Then a third email arrived. A mother wanted to give me a little joy and sent a picture of her son in front of the computer at home. There on the screen was me, with a goofy expression and gesticulating weirdly. It made me smile.

 

Monday (– Reopening Day)

7:30 am. My job was to stand outside and greet the kids as they got off the buses or out of their parents’ cars and to make sure they knew the drill. (Go through the right entrance, shoes off, hands washed, on to the classroom – and there you can take off the mask.) It turned out to be easy. The bus kids all had masks on already and the car kids put them on unprompted as they neared the school. All I had to say after “Good morning!” was “Everything clear? Do you know what to do?” and they all said yes. They were so cool! Not one of them seemed embarrassed, fearful or resistant. They just took it in stride. You could tell how happy they were to be back and to see one another again. These were the older kids in the school (the younger ones would start on Wednesday) and apparently, they did not share all of their parents’ views. Or at least that was how it seemed at the start. But I am getting ahead of myself . . .

Halfway through these arrivals, a mother walked up to a foot away from me, mask-less, and handed me a box of disinfectant and masks. She was a doctor, too. I asked for the bill to reimburse her and she said, no, she was donating the stuff. Then she turned to me and said nervously: “You aren’t really going along with all this nonsense, are you?” She went off on a tirade about how dangerous mask wearing was and pulled out a form to show me. When signed by a doctor, it freed her son from having to wear one. She began filling it out. Meanwhile, I saw her son pull a mask out of his back pocket and put it on just before entering the school. I asked the mother to wait a sec and called for reinforcements. A second teacher and I together made it clear to Dr. Mom that we were indeed following the required guidelines but added that the amount of time her son would be wearing a mask could be measured in minutes. She changed her tune and said that the school part was okay, it was the bus ride she was worried about. Luckily, we don’t have any influence over those policies and could dodge this particular bullet.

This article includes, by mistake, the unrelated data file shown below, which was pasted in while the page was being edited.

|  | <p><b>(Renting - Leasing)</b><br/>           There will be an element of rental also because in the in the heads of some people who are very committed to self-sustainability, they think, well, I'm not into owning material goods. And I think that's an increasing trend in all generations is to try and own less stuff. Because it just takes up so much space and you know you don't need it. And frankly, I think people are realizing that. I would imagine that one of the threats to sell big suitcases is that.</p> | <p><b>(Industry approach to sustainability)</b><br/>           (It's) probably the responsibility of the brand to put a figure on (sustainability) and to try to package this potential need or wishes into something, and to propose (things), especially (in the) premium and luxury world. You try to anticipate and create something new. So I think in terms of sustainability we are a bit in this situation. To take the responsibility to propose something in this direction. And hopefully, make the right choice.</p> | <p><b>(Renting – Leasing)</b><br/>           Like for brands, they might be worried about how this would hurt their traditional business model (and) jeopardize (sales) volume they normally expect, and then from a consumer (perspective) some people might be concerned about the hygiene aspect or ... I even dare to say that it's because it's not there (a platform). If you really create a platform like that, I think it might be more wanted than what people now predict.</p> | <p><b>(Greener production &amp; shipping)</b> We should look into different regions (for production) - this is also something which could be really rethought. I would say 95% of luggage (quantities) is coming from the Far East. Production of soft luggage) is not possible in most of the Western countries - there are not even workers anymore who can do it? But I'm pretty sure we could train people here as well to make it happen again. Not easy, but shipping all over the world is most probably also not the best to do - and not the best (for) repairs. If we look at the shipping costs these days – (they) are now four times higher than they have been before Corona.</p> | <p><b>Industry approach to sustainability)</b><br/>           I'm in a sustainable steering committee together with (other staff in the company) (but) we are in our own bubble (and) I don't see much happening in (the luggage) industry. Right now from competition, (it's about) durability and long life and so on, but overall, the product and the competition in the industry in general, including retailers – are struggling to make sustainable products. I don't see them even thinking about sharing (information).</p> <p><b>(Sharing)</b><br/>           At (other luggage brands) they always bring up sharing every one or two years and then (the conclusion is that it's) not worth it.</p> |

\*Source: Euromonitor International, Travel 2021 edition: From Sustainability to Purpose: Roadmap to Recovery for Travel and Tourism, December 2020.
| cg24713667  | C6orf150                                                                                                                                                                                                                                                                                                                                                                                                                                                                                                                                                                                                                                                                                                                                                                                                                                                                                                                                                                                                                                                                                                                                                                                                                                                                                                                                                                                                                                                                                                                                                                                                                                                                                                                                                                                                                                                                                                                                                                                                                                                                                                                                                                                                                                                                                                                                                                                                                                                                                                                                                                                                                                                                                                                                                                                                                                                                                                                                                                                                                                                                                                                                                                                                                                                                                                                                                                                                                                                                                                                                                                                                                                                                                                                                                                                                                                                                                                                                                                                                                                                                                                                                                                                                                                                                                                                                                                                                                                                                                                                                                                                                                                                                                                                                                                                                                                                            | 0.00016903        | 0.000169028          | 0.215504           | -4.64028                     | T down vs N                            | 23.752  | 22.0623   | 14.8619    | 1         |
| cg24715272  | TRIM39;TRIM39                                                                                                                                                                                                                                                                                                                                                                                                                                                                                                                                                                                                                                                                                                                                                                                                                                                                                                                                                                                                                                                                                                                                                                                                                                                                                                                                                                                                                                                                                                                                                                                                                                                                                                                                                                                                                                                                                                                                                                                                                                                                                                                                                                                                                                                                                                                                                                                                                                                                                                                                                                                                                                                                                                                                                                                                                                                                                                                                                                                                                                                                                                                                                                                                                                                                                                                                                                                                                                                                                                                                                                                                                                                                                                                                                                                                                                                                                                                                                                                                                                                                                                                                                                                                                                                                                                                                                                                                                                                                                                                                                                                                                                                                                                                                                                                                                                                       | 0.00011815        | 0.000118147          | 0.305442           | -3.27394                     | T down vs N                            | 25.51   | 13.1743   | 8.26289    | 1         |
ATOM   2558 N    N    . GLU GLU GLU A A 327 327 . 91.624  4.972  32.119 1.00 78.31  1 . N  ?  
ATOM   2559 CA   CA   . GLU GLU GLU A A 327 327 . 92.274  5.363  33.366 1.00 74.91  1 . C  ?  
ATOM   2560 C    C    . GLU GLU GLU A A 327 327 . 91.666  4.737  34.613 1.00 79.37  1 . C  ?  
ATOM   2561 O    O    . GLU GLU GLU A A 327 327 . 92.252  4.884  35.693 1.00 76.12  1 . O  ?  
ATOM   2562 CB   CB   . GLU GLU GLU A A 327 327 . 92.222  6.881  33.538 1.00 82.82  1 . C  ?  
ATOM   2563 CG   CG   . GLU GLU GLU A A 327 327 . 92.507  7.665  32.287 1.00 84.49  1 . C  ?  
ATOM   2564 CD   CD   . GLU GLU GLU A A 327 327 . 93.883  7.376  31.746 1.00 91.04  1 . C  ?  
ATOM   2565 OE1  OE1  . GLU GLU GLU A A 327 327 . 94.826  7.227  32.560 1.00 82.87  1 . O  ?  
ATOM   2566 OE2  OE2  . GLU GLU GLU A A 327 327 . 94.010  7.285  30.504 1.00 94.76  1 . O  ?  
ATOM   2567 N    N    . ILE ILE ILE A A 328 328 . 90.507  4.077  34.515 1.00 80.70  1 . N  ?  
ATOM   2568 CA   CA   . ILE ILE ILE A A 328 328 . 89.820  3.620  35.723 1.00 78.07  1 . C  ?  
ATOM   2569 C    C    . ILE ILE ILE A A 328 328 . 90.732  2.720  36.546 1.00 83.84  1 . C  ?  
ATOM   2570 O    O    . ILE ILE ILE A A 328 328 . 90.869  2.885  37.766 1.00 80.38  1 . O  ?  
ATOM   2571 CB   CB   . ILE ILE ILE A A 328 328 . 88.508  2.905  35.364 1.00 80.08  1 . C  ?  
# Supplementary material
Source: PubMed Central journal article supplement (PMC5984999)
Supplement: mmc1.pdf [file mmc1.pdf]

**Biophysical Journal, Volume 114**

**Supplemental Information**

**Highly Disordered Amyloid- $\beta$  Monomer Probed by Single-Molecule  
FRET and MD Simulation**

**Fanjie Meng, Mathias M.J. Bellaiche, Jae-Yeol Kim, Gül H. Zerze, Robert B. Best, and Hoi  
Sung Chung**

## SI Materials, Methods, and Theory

After this one jag, the rest of the day jigged remarkably well. We had great talks with the kids and then began the lessons. I’ve never seen them so attentive, receptive and, simply put, happy to be taught. Some of them handed in reams of worksheets, posters and essays; others sheepishly confessed to having done almost nothing in the 9 weeks of the closing. In each case, it was entirely predictable. We had already gotten a good idea about which parents were on top of things and which were helpless when it came to home-schooling. We had been supplying the kids with a steady flow of inputs and assignments, but mostly through their parents’ email. I estimate that in about a third of the households, the information or materials never reached the child. And in a few cases, I assume this was intentional. In order to keep up the pretense that the teaching team was not providing a service and therefore school fees did not have to be paid, all of these efforts on our part to reach out to and help their children had to be ignored.

As far as the hygiene measures were concerned, the kids cooperated with aplomb the whole day. Once or twice we hit a snag and had to pull out the one-meter stick to refresh their memories about what that distance is. In general, though, they kept each other in line. Near the end of the day, I asked one group how they felt about it, how it went. I got this reply: